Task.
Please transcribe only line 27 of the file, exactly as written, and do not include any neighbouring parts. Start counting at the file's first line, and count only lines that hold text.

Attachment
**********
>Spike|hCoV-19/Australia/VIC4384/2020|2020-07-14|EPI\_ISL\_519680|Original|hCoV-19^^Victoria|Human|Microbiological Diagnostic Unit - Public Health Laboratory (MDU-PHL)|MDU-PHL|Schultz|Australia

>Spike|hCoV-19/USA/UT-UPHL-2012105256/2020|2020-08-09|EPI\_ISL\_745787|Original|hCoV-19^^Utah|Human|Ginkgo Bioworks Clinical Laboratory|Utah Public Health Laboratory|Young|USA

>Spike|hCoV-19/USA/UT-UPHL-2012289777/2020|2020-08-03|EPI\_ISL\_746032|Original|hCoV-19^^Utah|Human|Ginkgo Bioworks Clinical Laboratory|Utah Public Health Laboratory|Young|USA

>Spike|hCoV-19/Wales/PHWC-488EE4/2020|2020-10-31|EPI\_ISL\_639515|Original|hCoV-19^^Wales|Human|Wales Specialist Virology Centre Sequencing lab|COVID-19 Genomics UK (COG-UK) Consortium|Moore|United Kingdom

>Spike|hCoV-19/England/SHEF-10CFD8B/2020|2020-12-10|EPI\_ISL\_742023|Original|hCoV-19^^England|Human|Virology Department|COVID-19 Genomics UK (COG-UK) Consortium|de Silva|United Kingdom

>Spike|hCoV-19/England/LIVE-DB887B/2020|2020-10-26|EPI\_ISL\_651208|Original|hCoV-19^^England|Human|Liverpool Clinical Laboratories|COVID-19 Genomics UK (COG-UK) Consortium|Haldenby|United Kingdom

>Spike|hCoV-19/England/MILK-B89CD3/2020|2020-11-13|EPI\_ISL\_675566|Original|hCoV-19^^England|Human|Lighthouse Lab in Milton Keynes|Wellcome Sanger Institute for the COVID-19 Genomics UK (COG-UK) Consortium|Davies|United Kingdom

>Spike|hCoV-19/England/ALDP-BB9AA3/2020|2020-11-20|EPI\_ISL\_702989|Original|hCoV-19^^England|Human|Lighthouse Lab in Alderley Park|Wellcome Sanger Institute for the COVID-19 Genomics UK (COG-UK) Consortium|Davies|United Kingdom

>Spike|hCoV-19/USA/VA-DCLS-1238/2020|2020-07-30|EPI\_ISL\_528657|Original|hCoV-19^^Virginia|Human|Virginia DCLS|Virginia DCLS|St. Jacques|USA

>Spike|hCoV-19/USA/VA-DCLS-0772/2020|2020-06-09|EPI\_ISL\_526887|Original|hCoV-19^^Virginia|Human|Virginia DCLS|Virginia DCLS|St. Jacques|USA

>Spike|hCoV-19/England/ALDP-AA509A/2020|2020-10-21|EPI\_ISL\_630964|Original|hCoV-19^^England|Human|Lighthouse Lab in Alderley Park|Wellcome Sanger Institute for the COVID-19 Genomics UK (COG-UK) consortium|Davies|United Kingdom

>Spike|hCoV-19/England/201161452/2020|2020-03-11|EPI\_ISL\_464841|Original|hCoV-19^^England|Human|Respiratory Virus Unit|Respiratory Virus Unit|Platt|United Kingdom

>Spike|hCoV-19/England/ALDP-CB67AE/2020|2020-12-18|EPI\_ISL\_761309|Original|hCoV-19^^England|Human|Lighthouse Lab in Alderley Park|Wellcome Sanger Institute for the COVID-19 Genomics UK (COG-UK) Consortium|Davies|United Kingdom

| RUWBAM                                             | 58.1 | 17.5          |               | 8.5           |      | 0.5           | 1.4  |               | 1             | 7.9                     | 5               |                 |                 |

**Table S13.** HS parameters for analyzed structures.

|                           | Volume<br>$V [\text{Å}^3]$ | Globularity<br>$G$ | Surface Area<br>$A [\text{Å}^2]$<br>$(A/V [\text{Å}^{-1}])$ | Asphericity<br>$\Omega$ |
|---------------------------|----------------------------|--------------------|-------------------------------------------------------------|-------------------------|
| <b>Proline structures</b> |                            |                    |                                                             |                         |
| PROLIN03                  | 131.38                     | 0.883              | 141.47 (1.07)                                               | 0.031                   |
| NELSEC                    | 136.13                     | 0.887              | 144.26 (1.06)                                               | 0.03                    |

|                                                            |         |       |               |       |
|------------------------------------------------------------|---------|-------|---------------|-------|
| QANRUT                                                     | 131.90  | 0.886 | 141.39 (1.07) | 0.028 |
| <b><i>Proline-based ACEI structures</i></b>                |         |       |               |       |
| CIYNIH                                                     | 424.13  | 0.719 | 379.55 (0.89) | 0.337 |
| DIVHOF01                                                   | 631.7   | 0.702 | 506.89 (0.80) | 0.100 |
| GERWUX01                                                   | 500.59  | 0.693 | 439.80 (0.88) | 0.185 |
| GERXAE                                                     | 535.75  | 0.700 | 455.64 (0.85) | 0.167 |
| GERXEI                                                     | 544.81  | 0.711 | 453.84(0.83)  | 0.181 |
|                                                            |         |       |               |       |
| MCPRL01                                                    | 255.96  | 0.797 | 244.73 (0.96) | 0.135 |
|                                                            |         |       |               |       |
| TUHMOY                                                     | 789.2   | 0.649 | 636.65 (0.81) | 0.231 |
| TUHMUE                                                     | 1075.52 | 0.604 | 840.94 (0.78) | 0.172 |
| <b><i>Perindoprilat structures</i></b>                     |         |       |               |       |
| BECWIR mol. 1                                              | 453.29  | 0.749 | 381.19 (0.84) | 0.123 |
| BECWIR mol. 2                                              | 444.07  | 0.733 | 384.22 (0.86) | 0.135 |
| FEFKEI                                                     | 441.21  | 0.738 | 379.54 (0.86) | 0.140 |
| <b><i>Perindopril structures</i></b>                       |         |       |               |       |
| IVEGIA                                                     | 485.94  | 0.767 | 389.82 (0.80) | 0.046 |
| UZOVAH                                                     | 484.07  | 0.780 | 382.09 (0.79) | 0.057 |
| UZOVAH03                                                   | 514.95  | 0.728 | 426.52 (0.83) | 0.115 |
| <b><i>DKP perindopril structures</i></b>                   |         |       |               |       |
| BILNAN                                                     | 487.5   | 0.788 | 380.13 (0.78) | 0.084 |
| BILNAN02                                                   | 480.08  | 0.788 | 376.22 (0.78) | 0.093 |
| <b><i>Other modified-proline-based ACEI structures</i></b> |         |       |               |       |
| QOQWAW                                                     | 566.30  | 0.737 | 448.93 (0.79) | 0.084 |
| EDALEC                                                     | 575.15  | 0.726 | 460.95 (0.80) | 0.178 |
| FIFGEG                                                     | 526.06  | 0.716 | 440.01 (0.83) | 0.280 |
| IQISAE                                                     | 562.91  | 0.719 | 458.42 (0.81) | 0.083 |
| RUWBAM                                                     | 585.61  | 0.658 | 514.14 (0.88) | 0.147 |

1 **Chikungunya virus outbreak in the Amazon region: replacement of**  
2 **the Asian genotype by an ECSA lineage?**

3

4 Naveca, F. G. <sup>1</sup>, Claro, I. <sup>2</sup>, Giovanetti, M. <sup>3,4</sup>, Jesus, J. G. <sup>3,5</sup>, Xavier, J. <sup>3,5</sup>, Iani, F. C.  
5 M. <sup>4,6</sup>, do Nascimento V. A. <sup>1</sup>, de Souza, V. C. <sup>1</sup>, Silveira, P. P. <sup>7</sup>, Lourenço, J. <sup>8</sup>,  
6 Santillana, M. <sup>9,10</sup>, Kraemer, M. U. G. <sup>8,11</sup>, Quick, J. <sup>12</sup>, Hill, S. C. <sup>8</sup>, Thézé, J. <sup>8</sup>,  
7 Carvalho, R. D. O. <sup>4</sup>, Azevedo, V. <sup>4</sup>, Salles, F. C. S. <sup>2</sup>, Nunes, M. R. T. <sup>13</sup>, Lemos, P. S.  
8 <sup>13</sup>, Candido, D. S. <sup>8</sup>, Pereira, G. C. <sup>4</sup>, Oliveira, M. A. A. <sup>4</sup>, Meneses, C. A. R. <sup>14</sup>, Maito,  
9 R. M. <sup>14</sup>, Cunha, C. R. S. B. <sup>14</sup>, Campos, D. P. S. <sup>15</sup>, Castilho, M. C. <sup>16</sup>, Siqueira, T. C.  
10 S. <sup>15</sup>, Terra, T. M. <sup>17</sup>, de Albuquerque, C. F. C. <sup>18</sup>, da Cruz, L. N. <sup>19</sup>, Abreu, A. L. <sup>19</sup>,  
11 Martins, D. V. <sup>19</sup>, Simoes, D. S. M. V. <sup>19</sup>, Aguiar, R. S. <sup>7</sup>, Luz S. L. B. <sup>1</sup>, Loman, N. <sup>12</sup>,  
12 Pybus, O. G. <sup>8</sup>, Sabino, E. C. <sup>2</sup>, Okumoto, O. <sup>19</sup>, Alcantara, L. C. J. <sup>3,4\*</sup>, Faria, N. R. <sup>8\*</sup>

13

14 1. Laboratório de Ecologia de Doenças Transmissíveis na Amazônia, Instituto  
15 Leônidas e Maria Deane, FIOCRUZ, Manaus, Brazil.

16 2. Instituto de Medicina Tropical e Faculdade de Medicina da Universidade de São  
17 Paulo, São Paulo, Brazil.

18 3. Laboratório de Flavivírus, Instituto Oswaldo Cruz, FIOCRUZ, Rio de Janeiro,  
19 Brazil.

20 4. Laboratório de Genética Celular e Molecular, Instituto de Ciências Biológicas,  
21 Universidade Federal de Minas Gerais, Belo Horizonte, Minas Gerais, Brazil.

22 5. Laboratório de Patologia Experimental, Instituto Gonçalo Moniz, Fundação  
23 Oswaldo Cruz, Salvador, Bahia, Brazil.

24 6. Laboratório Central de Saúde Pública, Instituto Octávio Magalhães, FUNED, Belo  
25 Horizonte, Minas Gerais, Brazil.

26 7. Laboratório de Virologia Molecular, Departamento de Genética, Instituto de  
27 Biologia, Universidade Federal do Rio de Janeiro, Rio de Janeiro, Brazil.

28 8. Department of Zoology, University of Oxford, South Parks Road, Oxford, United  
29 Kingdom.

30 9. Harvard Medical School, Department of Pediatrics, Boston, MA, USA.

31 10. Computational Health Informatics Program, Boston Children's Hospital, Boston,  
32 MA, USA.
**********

| GERWUX01                                                   | 500.59  | 0.693 | 439.80 (0.88) | 0.185 |